Turing Media Feast, Part III: The Turing Test in Theory and in Real Life [2 Videos]

“A Great science fiction detective story”
Ian Watson, author of The Universal Machine

Luck and Death at the Edge of the World

Days to Centenary: 83

Today is the last day to enter the Turing Tenner Showdown! Design the best £10 note, win prizes, and be the envy of your friends! Go here for details.

Welcome to Part III of the Turing Media Feast.

Today’s video features Brian Christian, the author of The Most Human Human: What Talking with Computers Teaches Us About What It Means to Be Alive, speaking at the Santa Fe Institute.

This is an excellent video with some really engaging anecdotes, but it has a long and not especially interesting prologue, so let it buffer for a moment or two and then skip ahead to 5:00, which is when Christian is actually introduced.

The Turing Test remained largely a theoretical construct until the creation of the Loebner Prize.

Hugh Loebner, as Christian says, was “a rogue disco dance floor salesman from New Jersey” who got rich selling plastic roll-up lighted portable disco dance floors.

In 1991 he decided to put his disco earnings to good use and sponsored a real-life Turing Test as a competition for a solid gold medal he dubbed the Loebner Prize and the event has run every year since.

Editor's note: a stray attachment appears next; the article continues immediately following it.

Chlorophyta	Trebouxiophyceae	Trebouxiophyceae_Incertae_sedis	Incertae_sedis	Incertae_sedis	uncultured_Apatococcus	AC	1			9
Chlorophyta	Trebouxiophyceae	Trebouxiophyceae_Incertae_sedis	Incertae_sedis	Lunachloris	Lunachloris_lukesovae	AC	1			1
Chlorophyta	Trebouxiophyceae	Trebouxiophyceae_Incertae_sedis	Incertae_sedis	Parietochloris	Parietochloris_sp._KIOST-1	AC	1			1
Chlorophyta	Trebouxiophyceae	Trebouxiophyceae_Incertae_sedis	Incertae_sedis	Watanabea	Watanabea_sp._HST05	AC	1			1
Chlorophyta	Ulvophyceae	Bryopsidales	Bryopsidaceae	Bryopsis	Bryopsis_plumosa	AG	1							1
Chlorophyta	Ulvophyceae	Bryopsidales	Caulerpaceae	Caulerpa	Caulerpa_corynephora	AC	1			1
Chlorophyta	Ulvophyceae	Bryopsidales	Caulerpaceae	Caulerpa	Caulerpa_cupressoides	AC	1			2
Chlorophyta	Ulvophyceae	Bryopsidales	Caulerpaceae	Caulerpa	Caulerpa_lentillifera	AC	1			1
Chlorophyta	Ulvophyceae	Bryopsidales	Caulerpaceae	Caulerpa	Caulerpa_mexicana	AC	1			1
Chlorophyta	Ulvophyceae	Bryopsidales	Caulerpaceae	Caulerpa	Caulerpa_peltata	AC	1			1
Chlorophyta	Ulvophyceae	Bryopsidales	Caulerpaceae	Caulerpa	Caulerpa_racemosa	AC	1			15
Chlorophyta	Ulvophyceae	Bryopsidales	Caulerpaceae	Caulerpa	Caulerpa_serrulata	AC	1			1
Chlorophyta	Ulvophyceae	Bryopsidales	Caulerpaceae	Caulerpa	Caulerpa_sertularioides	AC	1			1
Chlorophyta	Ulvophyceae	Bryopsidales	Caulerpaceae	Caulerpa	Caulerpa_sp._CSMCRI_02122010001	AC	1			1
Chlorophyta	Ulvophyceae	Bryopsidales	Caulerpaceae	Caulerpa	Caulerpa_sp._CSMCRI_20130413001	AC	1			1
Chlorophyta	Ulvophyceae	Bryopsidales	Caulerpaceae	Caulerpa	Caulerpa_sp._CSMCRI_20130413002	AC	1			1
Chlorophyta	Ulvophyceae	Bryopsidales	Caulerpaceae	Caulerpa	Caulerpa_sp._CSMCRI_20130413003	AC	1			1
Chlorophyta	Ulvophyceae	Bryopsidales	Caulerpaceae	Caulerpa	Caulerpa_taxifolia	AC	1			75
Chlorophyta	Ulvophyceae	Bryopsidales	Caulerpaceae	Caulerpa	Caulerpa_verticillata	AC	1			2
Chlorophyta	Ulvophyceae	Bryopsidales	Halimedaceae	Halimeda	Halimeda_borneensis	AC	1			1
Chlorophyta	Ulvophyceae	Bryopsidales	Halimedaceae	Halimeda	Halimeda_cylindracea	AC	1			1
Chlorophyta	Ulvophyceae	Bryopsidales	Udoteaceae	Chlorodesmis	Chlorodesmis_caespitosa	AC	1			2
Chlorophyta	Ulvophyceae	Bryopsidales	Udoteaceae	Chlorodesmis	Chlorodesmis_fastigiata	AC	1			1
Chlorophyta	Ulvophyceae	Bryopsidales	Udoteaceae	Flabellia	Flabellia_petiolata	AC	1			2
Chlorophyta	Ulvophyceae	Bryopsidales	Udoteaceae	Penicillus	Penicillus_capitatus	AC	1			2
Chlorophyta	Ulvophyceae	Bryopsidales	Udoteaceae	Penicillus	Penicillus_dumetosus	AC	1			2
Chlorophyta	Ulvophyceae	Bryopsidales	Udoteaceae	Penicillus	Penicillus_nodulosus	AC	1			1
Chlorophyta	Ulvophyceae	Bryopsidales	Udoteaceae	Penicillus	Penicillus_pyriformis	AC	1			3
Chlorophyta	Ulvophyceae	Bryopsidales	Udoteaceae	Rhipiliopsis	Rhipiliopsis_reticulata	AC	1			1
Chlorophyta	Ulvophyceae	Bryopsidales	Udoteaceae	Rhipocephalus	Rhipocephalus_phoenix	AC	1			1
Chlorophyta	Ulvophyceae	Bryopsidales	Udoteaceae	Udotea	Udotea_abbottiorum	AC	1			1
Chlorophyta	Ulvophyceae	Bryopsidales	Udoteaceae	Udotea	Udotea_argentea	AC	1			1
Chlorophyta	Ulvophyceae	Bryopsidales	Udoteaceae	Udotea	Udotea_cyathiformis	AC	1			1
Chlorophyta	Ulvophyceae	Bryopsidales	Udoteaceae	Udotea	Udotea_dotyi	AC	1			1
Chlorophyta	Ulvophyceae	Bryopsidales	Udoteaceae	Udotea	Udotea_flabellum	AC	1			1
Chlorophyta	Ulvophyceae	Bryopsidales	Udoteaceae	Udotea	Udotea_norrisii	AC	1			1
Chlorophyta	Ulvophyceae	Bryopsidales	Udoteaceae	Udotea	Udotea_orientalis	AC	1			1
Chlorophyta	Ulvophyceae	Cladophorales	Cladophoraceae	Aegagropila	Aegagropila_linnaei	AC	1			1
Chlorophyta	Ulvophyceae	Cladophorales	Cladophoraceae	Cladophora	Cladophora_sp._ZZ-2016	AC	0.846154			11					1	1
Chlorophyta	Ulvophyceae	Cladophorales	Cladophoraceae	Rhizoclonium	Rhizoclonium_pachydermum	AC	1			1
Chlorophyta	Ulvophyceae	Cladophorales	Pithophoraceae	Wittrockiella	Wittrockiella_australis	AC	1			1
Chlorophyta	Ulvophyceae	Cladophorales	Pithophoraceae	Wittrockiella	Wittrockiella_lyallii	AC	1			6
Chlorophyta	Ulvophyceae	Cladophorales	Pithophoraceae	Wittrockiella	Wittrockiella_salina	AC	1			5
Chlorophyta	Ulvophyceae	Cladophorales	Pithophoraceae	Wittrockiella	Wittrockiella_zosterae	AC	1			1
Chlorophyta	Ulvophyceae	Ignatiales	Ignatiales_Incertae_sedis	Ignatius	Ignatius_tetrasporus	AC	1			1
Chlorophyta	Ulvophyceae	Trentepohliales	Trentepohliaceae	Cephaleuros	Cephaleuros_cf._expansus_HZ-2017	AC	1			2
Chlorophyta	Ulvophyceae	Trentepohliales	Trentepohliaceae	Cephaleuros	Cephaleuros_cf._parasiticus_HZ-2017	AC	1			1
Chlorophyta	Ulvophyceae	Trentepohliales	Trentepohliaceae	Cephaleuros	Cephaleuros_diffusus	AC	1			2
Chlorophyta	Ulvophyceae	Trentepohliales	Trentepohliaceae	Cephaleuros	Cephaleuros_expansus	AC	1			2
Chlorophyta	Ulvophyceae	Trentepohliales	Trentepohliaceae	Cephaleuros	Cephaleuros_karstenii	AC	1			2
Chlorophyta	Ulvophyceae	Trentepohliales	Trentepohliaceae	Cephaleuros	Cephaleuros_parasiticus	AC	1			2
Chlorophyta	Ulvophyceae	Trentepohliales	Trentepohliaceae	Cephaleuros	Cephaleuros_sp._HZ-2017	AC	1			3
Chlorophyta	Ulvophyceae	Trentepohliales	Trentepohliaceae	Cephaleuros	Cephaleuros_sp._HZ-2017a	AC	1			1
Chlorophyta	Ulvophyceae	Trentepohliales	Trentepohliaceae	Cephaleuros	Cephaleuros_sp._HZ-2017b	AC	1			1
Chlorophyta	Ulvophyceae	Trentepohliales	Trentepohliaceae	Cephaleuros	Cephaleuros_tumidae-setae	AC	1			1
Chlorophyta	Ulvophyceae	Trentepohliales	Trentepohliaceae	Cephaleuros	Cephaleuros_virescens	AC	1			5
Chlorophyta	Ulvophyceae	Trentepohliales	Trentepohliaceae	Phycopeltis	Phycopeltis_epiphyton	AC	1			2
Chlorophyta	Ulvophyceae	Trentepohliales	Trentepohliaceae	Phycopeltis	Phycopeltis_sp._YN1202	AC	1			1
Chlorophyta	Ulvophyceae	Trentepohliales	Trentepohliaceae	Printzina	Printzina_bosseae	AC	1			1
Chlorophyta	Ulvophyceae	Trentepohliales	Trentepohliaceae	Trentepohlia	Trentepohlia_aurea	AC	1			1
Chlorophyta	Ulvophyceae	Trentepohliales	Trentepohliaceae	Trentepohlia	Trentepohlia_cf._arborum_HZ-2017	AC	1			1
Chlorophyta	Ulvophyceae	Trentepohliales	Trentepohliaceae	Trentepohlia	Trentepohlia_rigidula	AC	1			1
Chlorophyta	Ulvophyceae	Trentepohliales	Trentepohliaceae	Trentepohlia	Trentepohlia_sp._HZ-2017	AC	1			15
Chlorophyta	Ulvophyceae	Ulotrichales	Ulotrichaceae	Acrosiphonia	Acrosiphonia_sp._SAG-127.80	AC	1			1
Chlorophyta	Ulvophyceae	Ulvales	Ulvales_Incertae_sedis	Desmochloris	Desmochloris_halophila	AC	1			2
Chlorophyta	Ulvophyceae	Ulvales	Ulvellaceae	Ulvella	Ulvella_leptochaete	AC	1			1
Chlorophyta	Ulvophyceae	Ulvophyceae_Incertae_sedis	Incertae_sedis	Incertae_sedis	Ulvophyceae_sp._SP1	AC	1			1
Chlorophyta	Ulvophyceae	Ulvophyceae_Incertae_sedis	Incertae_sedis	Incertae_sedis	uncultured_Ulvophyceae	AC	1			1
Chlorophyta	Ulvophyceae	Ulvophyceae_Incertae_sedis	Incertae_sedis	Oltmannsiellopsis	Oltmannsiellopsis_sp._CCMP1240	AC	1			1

The Loebner Prize Medal (with an irreverent caption) from the content's home page

The Loebner Prize Medal (with an irreverent caption) from the contest's home page

The Loebner Prize web site describes the history of the prize as follows:

In 1990 Hugh Loebner agreed with The Cambridge Center for Behavioral Studies to underwrite a contest designed to implement the Turing Test. Dr. Loebner pledged a Grand Prize of $100,000 and a Gold Medal (pictured above) for the first computer whose responses were indistinguishable from a human’s. Such a computer can be said “to think.” Each year an annual prize of $2000 and a bronze medal is awarded to the most human-like computer. The winner of the annual contest is the best entry relative to other entries that year, irrespective of how good it is in an absolute sense.

Brian Christian signed up to be a “confederate” in the competition, that is, one of the humans who must convince the judges — through words alone, without being seen — that they are a human rather than a computer imitating a human.

He used this as a jumping off point to examine the question of what it means to act human, or even to be human, not just within the Loebner Prize, but in the rest of life as well, and what can artificial intelligence do to shed light on these questions.

Don’t miss the bonus item after the jump.

Special Bonus Item

As a bonus item, here is a video featuring cognitive scientist Daniel Dennett discussing the Turing Test and  the Loebner Prize.

You can watch the entire video here, listen to or download the audio here, and you can get a pdf of the transcript of the  show here.

Don’t miss the first two parts of this series, featuring Radiolab’s show on Turing and the awesome George Dyson!

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